Talking NCAA Hockey Tournament With ESPN Color Commentator Billy Jaffe

Graham Beck, The Heights

Billy Jaffe, color commentator for this weekend's Northeast Regional, chats with BCI

For those of you not making the trek to Worcester this weekend, the ESPN team of Joe Davis and Billy Jaffe will be providing the commentary on ESPNU. Jaffe, a local hockey fixture and regular commentator on NESN's Hockey East coverage, spent a few minutes with BCI to talk about the upcoming Northeast Regional.

BCI: I know you're mostly a Hockey East guy, but have you gotten to see much of Denver? What are your impressions of the Pioneers?

Jaffe: I've seen a good amount of Denver games on TV and have watched them on video leading up to this weekend. They're obviously a team that got hot at the right time of year and they seem to finally be playing their best hockey. They are obviously very good defensively, and have outstanding two-way defensemen - they have four legit power play quarterbacks on the blue line when they go on the man advantage. Those guys really help control the game at even strength as well. In general, they're a team that BC should expect is going to work really, really hard to limit BC's chances.

BCI: Traditionally I think of Denver as a high-skill, attacking team, but this year, they've struggled to score goals, relying on defense and goaltending to win. Would you chalk that up to a new coach and a new system, or the personnel on the team?

Jaffe: I'm going to go with the SAT answer and say "all of the above." They have a new system with a new coach, Jim Montgomery, who wants to implement his own brand of hockey. But it's also partly a function of the players on the roster. The team plays with a certain identity that's a little different from years past. The line centered by Matt Tabrum (with Larkin Jacobson and Grant Arnold) is known as the "mash line" and they really like to set the tone for Denver.

Denver has a few guys who can put the puck in the net, but nobody who jumps off the page at you, certainly not to the extent of, say, a Johnny Gaudreau, but not even to the extent of a guy like Billy Arnold. That's not the way their team is constructed. But they've done a good job of identifying what their strengths are and how they want to play.

BCI: There's a little bit of a crisis of confidence among BC fans after seeing Notre Dame beat BC 3 out of 4. Do you think Notre Dame exposed major flaws in BC's game? Do you think it was just a bad matchup? Do you expect to see the BC we're used to on Saturday?

Jaffe: I have a lot of confidence in BC. I think they're incredibly well-coached, obviously, and extremely talented. What we saw against Notre Dame was a few things. Firstly, we saw a team in Notre Dame that is senior-laden, whereas BC isn't - they rely on freshmen in a lot of key roles. We saw some Notre Dame veterans really come through in key situations. I also think that Notre Dame was able to implemenet what they wanted to do in terms of their game-plan in all of the games that they won. And remember, BC also hadn't played for a week.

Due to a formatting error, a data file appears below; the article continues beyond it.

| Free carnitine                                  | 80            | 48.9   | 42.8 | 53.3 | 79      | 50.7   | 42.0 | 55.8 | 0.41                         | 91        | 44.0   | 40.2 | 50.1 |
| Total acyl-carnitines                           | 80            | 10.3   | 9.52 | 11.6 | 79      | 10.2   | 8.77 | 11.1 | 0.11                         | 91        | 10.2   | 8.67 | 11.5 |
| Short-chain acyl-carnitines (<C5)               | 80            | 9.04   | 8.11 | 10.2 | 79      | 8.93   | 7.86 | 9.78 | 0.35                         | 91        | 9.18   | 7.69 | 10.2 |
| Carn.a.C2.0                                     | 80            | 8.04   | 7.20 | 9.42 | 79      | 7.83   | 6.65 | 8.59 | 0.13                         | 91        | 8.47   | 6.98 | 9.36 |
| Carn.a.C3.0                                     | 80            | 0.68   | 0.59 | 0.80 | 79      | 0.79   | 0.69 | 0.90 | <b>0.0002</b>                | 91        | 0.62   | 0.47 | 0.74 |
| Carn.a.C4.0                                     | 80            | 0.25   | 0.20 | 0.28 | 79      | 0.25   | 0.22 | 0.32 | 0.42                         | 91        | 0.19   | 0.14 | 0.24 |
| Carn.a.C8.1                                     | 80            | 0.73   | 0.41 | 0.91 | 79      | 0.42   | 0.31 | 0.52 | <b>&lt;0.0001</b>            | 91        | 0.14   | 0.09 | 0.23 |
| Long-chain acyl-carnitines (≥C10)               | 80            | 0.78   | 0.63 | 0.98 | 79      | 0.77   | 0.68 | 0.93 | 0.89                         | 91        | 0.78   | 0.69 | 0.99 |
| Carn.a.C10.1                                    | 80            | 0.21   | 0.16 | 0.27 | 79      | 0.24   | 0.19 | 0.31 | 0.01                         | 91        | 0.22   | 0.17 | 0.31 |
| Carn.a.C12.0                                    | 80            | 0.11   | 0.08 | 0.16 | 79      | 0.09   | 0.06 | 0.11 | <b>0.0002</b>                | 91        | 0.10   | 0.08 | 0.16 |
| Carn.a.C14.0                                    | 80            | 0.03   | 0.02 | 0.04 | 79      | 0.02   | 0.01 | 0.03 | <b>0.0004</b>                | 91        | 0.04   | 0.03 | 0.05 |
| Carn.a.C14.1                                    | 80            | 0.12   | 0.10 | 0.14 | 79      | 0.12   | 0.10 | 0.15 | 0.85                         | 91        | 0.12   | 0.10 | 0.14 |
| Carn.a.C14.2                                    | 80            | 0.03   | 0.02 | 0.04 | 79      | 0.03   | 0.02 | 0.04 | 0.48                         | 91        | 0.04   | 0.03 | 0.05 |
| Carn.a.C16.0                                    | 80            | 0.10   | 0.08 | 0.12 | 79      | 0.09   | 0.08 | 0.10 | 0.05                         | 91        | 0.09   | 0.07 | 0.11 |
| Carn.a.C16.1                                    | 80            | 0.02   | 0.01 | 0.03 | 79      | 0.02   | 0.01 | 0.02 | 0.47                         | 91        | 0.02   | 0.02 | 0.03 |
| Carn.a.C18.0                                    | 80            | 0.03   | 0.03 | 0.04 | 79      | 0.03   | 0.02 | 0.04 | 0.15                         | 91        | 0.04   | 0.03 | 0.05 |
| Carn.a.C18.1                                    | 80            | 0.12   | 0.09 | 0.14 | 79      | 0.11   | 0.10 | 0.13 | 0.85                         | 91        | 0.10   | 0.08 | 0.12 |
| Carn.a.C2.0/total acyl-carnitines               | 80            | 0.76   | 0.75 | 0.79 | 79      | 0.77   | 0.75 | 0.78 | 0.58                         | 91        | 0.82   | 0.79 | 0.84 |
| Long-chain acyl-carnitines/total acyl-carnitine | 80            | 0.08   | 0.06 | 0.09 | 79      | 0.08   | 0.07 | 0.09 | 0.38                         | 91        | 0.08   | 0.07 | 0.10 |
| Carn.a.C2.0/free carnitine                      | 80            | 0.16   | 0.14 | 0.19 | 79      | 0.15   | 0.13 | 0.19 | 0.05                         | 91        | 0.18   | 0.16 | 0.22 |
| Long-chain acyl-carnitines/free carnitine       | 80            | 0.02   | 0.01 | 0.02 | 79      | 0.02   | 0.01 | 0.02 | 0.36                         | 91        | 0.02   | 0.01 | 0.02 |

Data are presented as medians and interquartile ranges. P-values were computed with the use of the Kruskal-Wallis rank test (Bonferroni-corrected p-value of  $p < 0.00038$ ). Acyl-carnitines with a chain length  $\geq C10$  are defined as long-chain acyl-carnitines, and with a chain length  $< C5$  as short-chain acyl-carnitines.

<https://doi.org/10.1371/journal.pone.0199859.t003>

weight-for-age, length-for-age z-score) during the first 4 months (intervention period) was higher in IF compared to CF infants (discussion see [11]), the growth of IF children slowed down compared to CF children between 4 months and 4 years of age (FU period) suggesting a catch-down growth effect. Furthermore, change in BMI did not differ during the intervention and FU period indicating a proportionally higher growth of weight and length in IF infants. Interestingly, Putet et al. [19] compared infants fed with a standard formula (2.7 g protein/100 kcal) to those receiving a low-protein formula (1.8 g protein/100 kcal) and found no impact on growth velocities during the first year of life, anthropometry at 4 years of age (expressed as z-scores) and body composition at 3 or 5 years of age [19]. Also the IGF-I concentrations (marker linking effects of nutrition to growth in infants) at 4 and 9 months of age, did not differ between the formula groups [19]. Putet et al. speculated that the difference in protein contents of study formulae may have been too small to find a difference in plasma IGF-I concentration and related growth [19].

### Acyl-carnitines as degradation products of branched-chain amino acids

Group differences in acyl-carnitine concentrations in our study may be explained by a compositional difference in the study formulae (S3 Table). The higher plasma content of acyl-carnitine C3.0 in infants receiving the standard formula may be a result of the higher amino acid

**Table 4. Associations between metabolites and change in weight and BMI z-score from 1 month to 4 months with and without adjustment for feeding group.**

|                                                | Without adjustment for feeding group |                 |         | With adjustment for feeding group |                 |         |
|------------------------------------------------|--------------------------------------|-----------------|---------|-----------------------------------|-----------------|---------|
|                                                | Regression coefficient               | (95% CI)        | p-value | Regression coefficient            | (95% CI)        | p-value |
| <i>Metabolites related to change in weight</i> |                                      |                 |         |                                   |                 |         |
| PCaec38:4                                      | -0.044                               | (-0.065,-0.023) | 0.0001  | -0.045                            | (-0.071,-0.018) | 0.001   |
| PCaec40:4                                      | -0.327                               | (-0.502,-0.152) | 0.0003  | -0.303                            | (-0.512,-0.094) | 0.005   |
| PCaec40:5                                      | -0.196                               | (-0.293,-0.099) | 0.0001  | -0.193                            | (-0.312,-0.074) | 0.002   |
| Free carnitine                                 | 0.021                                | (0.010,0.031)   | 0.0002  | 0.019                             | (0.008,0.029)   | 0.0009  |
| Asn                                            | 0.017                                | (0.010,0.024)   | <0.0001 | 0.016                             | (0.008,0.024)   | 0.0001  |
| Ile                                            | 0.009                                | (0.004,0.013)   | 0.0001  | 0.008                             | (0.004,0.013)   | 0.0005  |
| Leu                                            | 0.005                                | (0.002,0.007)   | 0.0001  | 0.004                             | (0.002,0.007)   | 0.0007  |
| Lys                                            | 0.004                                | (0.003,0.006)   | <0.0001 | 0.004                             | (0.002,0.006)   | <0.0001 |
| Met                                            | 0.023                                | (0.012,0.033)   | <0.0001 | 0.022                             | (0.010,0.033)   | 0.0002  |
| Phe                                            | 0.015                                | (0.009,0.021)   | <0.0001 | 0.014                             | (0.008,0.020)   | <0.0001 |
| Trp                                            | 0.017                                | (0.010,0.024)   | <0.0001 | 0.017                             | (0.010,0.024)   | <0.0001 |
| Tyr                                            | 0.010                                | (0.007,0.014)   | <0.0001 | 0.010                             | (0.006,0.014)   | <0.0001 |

That's my main concern with BC right now, that they've only played those three games in between two weeks off. Everybody wants to be playing at this time of year, bu they haven't had as much of a chance eto get into a groove.

They need to re-establish their free flowing offense, which obviously didn't happen against Notre Dame. I thought they looked excellent in the Saturday night game, and were pretty good on Sunday despite the loss, but never really hit full speed. It will be interesting to see if Denver adapts their game plan to what Notre Dame did against BC, and try to implement that sort of blueprint. When Notre Dame loses the puck, they shoot a guy or two back right away. While BC wants to transition and stretch, if that's not there, BC doesn't necessarily have the guys coming back deep to skate the puck out with speed. They end up getting caught in a bit of a no man's land in the neutral zone.

BCI: One of the other problems that popped up in the playoff series against Notre Dame that was decidedly NOT a problem down the stretch beforehand was that freshman goaltender Thatcher Demko struggled. Do you expect Demko to bounce back this weekend?

Jaffe: People need to remember the fact that he's a real young kid, the youngest player in college hockey, playing in this high pressure situation. Now, we have seen freshman goalies succeed at this stage. We've seen what Connor Hellebuyck did last year for Lowell. The goalie for Minnesota State, Huggins, is also a freshman who burst onto the scene. But it' still a tough spot for a young freshman.